Cactus: Defending against a ransomware newcomer

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This article is brought to you by Retail Technology Review: Cactus: Defending against a ransomware newcomer.

Cactus has emerged as a sophisticated ransomware group with a severe impact on its victims.

The newcomer first appeared in March 2023 and has entered the top 10 groups with the most monthly victims, ranking at number 7 with 58 victims as of November. The group is focusing on substantial payouts and targets large commercial entities.

“Cactus is a good example of ransomware groups employing increasingly sophisticated TTPs in their attacks. What stands out in this case is that the malware encrypts itself to evade detection,” says Bibek Thapa Magar, Logpoint Security Analytics Engineer. “The smooth way of avoiding defenses shows that the group is good at the game. Cactus has quickly made a significant impact, using double extortion, compromising sensitive data, and leaving victims with limited choices.”

Cactus is a sophisticated ransomware with unique features such as auto-encryption and a consecutive change of file extensions post-encryption, making it more challenging to identify affected files. It employs the well-known and easily “unpackable” UPX packer and divides encrypted files into micro-buffers, possibly to speed up the management of encrypted data streams.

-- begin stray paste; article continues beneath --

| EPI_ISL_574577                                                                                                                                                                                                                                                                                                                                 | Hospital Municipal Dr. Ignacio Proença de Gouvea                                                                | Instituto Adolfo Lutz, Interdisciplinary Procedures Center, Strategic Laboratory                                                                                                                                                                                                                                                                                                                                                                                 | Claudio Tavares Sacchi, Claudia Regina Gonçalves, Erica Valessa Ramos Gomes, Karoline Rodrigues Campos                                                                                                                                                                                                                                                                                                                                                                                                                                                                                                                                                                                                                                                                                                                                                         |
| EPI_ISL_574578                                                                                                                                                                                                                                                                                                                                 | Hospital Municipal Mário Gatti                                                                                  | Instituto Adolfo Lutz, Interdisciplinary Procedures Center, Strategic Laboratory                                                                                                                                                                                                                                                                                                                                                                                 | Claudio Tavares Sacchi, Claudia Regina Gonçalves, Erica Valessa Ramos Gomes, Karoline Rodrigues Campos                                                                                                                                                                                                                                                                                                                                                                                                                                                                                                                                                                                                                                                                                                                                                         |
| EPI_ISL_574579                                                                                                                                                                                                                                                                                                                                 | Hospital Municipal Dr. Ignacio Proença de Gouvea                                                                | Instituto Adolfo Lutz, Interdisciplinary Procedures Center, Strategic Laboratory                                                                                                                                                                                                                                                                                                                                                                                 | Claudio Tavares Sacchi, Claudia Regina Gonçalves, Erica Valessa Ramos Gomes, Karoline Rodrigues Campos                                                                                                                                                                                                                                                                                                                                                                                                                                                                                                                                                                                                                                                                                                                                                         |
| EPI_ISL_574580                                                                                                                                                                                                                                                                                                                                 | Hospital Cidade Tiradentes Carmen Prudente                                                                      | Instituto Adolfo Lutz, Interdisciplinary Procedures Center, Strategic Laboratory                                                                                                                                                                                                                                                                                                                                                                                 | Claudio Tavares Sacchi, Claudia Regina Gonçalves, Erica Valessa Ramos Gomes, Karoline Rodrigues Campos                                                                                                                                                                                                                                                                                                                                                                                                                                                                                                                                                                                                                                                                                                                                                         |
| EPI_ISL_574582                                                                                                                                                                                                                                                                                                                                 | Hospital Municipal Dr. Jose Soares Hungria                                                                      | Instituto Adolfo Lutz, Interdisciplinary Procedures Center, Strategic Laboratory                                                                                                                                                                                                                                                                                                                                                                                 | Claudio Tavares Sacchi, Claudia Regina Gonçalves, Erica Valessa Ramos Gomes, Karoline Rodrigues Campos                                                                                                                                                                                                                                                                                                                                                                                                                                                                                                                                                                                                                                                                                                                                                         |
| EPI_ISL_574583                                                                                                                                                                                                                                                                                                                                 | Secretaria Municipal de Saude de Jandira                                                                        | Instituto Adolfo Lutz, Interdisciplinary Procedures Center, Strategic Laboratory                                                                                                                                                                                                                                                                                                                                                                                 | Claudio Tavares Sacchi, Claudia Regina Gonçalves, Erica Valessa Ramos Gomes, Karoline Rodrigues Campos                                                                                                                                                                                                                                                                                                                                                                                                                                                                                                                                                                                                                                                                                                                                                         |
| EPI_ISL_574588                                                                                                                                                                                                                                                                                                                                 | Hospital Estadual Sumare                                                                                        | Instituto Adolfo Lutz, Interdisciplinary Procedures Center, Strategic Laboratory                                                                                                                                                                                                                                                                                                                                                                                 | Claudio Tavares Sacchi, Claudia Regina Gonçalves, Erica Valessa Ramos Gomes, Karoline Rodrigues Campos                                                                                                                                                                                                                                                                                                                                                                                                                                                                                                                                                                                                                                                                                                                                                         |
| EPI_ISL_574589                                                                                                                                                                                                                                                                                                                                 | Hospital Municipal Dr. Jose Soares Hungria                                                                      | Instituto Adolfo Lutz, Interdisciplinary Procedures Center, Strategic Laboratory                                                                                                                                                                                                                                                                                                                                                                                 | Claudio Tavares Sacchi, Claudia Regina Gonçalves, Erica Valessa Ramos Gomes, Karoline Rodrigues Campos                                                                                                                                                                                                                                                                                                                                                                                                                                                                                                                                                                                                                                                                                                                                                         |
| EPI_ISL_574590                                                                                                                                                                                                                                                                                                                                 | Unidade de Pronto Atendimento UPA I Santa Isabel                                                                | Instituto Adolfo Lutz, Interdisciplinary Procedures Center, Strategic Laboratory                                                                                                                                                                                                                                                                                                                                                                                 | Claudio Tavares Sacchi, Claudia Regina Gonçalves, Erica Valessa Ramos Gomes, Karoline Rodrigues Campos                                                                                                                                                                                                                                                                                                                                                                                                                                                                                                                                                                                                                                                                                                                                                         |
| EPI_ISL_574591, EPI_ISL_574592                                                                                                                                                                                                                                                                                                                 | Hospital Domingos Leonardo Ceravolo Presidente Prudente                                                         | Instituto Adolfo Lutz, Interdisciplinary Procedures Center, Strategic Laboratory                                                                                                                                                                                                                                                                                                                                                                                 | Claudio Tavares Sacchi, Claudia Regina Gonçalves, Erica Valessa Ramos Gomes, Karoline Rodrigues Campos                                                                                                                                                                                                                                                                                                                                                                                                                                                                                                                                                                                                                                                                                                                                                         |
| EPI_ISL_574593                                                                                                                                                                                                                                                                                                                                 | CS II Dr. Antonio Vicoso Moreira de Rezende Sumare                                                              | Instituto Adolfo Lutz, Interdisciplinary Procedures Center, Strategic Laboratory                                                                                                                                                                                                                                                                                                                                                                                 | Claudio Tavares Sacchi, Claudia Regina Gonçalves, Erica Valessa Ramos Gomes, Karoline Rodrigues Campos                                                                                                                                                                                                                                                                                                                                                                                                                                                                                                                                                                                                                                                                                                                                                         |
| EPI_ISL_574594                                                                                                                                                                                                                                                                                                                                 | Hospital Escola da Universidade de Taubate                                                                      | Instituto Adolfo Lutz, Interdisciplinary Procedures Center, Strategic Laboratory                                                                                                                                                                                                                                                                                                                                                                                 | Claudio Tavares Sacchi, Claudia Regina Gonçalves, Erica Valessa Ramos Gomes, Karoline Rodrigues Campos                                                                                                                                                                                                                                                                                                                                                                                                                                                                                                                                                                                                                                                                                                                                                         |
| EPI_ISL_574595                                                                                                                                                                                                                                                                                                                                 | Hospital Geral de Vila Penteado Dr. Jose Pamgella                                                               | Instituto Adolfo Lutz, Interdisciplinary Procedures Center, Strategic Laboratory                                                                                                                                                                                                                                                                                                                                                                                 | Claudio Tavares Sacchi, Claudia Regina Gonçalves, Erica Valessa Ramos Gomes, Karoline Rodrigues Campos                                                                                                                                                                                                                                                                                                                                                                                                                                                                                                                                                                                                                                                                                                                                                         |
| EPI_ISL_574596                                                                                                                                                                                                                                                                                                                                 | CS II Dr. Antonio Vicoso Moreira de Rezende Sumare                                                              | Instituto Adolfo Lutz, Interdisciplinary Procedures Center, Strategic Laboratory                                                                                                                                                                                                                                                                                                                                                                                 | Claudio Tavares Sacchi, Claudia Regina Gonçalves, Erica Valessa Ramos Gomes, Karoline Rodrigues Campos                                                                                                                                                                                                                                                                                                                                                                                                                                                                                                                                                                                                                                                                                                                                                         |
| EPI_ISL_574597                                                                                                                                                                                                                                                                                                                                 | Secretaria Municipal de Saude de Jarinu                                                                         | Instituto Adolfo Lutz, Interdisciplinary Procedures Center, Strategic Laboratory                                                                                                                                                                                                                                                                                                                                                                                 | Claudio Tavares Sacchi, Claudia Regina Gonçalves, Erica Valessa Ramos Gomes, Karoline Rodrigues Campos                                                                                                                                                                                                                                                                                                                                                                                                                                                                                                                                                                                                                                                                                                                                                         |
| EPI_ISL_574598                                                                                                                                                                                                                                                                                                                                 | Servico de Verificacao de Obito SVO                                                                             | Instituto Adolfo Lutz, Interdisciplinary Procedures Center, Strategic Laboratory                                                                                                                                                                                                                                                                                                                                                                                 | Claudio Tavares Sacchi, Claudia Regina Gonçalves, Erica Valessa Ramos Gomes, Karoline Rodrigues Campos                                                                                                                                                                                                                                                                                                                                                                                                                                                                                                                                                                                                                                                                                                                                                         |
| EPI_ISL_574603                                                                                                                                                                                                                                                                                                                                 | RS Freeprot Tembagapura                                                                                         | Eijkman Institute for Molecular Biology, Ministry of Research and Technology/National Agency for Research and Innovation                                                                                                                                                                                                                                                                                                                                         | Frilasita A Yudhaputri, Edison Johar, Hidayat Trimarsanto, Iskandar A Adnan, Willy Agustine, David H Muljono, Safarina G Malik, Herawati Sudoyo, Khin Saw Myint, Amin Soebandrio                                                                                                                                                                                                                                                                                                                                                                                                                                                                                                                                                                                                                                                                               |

Logpoint has collated a report highlighting the TTPs and IoCs applied by Cactus to create alert rules to detect methods the group uses. According to Kroll, Cactus exploits known vulnerabilities in VPN appliances to gain initial access and establishes commands and control with SSH. The group attempts to dump LSASS and credentials from web browsers to escalate privilege. Ultimately, Cactus gets access to target computers using Splashtop or AnyDesk and creates a proxy between infected hosts using Chisel before encrypting files.

“Cactus is a good reminder that basic cyber hygiene is important, but it also highlights that monitoring and detection is key to protecting against newer ransomware,” says Bibek Thapa Magar. “If activity is detected, security analysts should investigate and make sure it doesn’t spread by disabling virtual private networks (VPNs), remote access servers, single sign-on resources, and public-facing assets before engaging in containment, eradication, and recovery to minimize the impact.”

Logpoint’s security operations platform, Converged SIEM, contains extensive tools and capabilities for identifying, evaluating, and mitigating the impact of Cactus Ransomware. In addition to an alert rule package to help detect Cactus activity, Logpoint offers capabilities enabling security teams to automate essential incident response procedures.

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